TV commercials are the most effective selling medium ever devised. A large part of the success of the American century is due to our companies' perfecting this medium and exploiting it to the hilt.
Our cars, our cigarettes, our clothes, our food – anything that was effectively advertised on TV was changed by the medium. Not only did marketers use television to promote their products, but television itself changed the way products were created and marketed. As a result, all of the marketing Ps were adjusted to take advantage of the synergies between our factories and our ability to capture the attention of the audience.
Of course, it's not just TV that's fading. It's newspapers and magazines – any form of media interrupting any form of consumer activity. Individuals and businesses have ceased to pay attention.
The TV-industrial complex lasted a half-century – a long time. So long that the people who devised the strategies and ads that worked so well are gone. There's no one left at Phillip Morris or General Foods who remembers what life was like before TV created the bureaucratic behemoths.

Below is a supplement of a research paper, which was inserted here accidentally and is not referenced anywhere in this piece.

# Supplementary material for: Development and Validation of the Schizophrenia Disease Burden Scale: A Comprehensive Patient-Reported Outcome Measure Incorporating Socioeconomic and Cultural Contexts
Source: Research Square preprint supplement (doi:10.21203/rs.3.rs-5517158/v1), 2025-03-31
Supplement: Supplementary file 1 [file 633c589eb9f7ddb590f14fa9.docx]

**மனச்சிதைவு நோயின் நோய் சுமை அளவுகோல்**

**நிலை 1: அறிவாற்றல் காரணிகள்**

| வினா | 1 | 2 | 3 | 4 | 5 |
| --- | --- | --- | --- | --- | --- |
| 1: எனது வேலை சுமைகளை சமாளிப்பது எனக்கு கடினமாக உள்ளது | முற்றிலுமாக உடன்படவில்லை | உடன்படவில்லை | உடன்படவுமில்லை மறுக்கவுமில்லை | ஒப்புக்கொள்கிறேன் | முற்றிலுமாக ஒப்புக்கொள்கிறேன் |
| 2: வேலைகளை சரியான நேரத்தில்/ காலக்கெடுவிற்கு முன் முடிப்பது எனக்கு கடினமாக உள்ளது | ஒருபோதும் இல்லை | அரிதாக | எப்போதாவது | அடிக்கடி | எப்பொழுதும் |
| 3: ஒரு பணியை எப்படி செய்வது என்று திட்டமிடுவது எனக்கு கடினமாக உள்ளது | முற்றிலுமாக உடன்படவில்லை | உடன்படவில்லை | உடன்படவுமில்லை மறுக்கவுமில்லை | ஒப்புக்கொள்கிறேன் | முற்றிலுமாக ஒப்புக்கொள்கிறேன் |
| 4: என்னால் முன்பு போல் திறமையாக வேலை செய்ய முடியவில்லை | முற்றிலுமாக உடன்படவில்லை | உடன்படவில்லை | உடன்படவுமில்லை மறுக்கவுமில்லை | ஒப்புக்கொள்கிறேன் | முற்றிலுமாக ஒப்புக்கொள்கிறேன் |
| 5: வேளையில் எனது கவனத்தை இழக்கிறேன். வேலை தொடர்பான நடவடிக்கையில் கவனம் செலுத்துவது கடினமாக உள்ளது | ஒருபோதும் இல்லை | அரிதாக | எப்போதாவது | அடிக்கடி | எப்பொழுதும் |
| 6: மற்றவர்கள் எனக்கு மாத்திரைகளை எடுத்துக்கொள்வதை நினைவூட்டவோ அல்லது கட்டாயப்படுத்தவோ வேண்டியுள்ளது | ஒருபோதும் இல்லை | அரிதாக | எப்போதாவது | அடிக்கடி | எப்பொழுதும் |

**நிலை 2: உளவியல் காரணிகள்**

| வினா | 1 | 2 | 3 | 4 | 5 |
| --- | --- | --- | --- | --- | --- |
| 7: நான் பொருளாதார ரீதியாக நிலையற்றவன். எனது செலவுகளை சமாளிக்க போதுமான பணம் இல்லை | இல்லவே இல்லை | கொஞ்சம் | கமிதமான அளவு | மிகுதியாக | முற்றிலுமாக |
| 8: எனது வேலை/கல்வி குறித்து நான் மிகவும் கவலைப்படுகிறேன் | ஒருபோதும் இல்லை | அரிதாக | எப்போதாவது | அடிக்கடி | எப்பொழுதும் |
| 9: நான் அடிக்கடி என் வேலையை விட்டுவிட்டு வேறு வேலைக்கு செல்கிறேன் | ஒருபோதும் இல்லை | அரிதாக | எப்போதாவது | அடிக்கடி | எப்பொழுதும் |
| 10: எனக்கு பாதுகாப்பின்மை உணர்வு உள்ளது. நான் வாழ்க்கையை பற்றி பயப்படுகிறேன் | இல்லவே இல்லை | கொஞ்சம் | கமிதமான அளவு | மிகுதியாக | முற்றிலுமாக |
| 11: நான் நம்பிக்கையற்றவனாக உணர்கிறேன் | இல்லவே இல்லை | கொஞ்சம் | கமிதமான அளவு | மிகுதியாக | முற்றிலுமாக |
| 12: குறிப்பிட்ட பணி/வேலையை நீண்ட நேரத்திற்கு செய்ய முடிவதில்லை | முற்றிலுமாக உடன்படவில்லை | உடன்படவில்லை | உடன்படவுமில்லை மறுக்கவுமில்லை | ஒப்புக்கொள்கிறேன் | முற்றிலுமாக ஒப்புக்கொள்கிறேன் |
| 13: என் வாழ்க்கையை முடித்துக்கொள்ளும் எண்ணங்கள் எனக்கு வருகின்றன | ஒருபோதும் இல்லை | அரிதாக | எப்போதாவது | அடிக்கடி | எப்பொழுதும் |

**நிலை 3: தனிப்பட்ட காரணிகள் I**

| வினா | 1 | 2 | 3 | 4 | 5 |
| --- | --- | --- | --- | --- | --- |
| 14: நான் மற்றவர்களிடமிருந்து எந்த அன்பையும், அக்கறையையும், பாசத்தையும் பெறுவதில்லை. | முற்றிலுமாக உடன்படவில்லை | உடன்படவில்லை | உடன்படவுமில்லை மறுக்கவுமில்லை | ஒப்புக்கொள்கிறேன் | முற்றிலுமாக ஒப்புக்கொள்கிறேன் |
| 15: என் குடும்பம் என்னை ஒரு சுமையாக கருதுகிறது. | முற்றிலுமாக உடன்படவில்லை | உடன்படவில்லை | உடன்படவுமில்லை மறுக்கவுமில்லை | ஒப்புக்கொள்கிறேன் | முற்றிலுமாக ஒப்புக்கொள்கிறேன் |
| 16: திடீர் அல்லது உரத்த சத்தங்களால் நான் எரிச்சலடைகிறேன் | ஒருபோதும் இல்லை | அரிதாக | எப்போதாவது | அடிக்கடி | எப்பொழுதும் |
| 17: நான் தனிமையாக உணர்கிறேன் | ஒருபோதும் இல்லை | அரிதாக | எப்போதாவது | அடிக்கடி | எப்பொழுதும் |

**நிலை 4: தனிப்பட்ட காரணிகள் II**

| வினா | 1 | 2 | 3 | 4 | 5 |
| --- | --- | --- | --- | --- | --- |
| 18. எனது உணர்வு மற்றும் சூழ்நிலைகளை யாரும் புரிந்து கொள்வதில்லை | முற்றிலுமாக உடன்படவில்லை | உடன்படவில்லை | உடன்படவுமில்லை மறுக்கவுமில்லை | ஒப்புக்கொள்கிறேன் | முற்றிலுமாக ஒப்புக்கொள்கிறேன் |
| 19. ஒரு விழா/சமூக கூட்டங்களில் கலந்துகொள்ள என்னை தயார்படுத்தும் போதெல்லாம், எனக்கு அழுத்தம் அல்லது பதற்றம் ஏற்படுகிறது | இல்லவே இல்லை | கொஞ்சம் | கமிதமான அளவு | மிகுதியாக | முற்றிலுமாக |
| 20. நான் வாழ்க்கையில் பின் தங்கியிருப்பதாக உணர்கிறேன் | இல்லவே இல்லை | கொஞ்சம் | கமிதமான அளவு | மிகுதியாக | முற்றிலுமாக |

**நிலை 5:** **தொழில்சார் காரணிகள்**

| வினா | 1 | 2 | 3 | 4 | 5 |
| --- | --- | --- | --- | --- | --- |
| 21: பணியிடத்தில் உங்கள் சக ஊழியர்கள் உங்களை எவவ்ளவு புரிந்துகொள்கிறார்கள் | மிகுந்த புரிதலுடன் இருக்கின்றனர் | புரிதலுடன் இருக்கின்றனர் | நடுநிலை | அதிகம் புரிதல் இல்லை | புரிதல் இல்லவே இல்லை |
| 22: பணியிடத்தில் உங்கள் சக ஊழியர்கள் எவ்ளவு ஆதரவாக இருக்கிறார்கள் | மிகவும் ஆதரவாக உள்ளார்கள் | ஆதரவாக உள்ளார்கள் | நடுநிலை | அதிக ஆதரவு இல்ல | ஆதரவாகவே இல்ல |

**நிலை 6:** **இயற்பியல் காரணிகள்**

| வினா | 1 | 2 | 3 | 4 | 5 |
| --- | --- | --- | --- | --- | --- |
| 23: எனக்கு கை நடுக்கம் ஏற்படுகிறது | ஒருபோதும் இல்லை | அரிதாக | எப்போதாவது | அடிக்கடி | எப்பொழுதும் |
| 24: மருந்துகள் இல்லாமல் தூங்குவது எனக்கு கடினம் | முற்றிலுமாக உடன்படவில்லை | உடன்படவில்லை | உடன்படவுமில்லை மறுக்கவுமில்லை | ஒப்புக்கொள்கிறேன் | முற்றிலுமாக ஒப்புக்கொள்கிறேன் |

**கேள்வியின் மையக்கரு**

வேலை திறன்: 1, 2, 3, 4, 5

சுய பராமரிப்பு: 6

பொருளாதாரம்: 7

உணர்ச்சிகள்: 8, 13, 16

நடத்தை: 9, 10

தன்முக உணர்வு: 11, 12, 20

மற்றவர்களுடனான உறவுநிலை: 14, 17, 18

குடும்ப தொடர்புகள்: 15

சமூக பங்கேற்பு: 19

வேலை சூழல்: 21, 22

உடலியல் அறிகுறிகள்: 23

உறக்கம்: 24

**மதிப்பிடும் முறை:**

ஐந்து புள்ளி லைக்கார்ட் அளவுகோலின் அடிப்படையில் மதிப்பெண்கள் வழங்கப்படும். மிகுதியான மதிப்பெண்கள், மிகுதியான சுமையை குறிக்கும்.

And that's the problem. The TV-industrial complex is hemorrhaging, and most marketers don't have a clue what to do about it. Every day, companies spend million to re-create the glory days of the TV-industrial complex. And every day, they fail.
The old rule was this:
Create safe, ordinary products and combine them with great marketing.
The new rule is:
Create remarkable products that the right people seek out.
It's not just TV that's broken. Just about all of the ways marketers promote themselves (whether they sell to businesses or to consumers) are becoming less effective.
The marketing old guard is quick to defend the power of the TV commercial. They're delighted to point out the great success stories of years past, and to happily articulate why only TV can get the awareness needed to launch a new product or maintain an existing one.
In Sergio's (Zyman, Chief Marketing Officer for Coca-Cola) words, "Kmart has plenty of awareness. So what?